Another easy choice is to solve it quickly and hope it doesn’t return.  Matchbooks have been around since the late 1800’s.  The first ones had the striking strip on the front of the book along with a warning “Close cover before striking”. Careless consumers would often catch the entire book on fire because the other matches were easily exposed to a spark when one match was struck.  The warning was an ‘easy’ way to solve the problem.  It put the responsibility on the consumer to follow instructions and to be careful doing it.

It wasn’t until 1962 that a true resolution was found.  The manufacturers moved the striking strip to the back of the match book thus preventing a spark from igniting the other matches.  This was a true resolution to a problem. The resolution was not an easy one to create. It required thought and a change in the manufacturing process.  It required innovation and an investment in time and money.  It required thought and a predictable problem-solving method.  This method is known as Plan-Do-Check-Act or the Scientific method or the Learning Cycle.

The learning cycle can be traced back at least as far as Galileo who developed the idea of making observations, creating a hypothesis and then conducting an experiment. Edison used the method to test 6,000 materials before finding the one that proved to be most practical and cost effective for the filament for a light-bulb.

Plan-Do-Check-Act is the recommended problem-solving method for leaders who want to protect trust.  It requires the creation of an action PLAN including the steps of knowing what to improve, the identification of the current condition of the problem, and how to measure the success.

The DO portion is carrying out the plan. DO is about carrying out the planned experiment. The CHECK portion is about analyzing the data to see if the hypothesis was correct.  The ACT portion is about deciding to either revise the hypothesis, to revise the method, or to adopt the method just tested.  The adoption of Plan-Do-Check-Act creates an environment where blame is unnecessary.  Every member of a team can contribute their ideas and their effort to experimenting with new hypotheses and with new methods.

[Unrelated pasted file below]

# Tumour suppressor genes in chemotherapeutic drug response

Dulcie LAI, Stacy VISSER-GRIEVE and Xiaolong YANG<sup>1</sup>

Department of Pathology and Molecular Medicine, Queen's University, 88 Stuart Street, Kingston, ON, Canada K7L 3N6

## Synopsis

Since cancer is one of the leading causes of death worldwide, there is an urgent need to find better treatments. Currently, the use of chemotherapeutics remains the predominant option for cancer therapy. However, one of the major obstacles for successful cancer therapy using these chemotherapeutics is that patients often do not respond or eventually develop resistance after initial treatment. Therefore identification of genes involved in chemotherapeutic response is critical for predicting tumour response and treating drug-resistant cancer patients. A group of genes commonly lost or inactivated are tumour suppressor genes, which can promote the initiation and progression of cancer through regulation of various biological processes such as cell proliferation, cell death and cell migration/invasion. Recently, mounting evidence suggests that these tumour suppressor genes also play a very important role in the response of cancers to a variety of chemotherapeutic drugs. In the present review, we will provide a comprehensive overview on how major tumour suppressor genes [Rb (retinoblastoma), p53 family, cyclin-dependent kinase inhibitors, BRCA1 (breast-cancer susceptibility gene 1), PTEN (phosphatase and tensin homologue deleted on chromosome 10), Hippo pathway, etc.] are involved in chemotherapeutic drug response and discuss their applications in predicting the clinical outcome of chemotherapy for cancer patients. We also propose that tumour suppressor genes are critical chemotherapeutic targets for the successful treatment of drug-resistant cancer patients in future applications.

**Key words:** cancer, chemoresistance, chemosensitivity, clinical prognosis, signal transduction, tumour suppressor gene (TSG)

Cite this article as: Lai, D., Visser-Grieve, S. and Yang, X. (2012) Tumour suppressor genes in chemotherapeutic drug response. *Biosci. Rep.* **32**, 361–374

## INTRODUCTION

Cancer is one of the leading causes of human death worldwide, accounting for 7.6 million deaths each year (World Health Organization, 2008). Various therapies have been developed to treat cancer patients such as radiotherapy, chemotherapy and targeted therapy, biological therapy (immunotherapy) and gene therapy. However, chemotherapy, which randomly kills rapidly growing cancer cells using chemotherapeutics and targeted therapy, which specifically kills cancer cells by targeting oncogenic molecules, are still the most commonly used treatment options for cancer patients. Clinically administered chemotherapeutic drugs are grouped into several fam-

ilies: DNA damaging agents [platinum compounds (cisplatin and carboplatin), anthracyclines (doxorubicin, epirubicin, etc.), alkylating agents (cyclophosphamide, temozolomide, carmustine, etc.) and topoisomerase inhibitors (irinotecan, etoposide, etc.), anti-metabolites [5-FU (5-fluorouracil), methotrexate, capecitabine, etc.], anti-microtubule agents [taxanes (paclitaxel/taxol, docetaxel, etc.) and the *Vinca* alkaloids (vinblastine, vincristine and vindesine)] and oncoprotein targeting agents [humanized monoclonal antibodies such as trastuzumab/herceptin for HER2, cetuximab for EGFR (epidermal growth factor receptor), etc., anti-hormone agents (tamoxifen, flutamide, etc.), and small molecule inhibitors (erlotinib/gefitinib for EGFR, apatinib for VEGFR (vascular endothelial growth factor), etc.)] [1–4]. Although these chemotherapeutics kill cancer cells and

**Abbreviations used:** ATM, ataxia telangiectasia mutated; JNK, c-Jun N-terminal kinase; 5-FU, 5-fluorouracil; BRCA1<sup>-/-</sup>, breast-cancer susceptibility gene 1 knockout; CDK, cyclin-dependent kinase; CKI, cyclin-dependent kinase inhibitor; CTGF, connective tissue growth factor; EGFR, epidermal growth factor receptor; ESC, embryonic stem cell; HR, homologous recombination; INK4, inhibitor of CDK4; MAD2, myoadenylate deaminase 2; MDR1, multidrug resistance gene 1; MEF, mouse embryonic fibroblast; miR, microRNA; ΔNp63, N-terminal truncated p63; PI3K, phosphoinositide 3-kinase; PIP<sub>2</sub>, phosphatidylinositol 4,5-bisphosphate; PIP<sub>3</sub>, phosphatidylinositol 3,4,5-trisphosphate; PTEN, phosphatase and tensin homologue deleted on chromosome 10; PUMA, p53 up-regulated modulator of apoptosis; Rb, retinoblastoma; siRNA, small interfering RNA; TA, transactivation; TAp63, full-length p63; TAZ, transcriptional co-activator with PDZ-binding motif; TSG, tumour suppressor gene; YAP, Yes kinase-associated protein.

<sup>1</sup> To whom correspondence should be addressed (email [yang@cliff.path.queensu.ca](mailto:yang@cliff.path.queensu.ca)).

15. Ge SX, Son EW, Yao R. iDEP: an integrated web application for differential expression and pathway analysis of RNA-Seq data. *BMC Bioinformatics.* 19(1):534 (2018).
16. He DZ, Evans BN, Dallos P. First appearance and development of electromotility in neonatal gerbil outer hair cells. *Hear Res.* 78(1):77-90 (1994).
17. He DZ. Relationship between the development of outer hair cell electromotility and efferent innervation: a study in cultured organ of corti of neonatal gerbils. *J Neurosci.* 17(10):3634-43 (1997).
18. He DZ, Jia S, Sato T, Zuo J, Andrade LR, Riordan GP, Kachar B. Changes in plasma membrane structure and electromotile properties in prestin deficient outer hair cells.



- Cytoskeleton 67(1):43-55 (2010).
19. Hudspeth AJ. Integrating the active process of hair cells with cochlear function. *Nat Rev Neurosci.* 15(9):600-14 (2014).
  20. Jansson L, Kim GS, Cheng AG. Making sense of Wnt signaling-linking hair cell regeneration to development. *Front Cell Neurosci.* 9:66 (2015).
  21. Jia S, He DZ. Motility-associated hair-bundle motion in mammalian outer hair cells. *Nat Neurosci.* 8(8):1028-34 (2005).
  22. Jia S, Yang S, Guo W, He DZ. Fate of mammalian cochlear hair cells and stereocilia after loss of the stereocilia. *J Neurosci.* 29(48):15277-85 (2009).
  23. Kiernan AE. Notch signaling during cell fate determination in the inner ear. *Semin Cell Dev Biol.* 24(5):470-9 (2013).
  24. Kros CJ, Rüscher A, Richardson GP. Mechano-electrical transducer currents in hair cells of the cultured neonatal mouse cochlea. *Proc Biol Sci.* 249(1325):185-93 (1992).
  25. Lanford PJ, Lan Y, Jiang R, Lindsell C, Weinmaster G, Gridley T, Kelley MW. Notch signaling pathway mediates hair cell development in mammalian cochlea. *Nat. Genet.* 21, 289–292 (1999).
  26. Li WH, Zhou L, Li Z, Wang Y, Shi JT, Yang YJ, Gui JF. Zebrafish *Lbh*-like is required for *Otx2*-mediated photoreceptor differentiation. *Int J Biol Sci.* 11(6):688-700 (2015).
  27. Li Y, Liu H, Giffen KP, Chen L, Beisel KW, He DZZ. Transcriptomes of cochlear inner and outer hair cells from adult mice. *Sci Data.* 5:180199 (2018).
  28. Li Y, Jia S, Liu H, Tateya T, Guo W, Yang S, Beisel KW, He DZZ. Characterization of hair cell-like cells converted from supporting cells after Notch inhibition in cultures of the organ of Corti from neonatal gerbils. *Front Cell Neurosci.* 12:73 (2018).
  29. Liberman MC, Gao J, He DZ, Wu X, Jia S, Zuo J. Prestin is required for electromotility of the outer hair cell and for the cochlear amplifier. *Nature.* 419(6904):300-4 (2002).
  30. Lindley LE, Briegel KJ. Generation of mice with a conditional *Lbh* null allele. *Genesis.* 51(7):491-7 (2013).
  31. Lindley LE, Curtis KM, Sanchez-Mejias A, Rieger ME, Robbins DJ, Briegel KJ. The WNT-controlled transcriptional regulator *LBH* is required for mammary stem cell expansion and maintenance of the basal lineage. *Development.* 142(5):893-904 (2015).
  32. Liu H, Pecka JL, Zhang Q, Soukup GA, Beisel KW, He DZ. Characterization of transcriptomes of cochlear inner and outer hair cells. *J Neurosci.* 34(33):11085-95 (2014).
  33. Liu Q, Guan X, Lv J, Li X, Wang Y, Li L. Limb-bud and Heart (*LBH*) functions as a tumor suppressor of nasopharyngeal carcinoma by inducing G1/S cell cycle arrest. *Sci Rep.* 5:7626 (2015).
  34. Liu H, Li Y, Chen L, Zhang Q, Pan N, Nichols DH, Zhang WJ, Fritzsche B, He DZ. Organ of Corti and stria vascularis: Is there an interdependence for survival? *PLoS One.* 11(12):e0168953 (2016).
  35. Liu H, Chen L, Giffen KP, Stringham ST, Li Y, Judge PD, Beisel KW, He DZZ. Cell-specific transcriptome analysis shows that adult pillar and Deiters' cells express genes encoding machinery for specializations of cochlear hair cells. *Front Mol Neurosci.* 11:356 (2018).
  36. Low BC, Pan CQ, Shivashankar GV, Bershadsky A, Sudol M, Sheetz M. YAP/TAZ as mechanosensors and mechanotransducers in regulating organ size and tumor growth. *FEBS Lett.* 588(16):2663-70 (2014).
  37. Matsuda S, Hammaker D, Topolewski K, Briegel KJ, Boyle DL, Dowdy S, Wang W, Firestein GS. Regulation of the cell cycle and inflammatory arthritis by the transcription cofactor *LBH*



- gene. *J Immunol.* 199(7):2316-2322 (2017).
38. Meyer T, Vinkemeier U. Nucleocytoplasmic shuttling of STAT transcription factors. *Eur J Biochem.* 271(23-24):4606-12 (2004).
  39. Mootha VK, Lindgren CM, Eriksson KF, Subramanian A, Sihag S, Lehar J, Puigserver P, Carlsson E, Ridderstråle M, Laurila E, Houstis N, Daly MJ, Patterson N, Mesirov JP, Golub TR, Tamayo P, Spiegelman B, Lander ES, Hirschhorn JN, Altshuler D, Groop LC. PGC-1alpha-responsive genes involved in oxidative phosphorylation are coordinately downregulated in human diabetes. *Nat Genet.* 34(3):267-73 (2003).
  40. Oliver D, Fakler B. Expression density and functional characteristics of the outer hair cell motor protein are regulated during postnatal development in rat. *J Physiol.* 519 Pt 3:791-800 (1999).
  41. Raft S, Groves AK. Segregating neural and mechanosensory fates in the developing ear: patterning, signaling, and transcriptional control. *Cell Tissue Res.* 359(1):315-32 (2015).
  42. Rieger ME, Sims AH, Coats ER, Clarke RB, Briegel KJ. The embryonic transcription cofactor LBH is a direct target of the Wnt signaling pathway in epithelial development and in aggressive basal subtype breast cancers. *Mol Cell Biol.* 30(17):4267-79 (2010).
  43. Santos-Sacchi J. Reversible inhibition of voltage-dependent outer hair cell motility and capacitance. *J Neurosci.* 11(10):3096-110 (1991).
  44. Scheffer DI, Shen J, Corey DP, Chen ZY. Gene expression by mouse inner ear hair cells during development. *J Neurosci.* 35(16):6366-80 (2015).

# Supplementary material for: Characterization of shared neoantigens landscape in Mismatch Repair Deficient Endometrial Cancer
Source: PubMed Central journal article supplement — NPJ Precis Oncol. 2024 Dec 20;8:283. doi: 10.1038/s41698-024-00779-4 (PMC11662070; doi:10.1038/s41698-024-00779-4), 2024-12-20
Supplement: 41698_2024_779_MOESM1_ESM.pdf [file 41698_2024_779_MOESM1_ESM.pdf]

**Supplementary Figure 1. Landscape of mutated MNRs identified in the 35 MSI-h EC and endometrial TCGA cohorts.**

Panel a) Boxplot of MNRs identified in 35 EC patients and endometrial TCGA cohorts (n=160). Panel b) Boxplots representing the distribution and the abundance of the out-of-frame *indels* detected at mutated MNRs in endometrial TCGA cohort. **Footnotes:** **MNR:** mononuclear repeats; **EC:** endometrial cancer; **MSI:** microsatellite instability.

Adopting PDCA makes problem-solving a fun exercise that enrolls everyone.  It creates engagement and improved quality for customers.  PDCA allows for organizations to avoid the use of the typical performance appraisal because the focus becomes the experiment and avoids the evaluation of the individual.  It leads to great ideas like moving the striking strip.  The adoption of PDCA starts with the C-Suite and that is why “Quality starts in the boardroom.”

Wally Hauck, PhD has a cure for the “deadly disease” known as the typical performance appraisal.  Wally holds a doctorate in organizational leadership from Warren National University, a Master of Business Administration in finance from Iona College, and a bachelor’s degree in philosophy from the University of Pennsylvania.   Wally is a Certified Speaking Professional or CSP.  Wally has a passion for helping leaders let go of the old and embrace new thinking to improve leadership skills, employee engagement, and performance.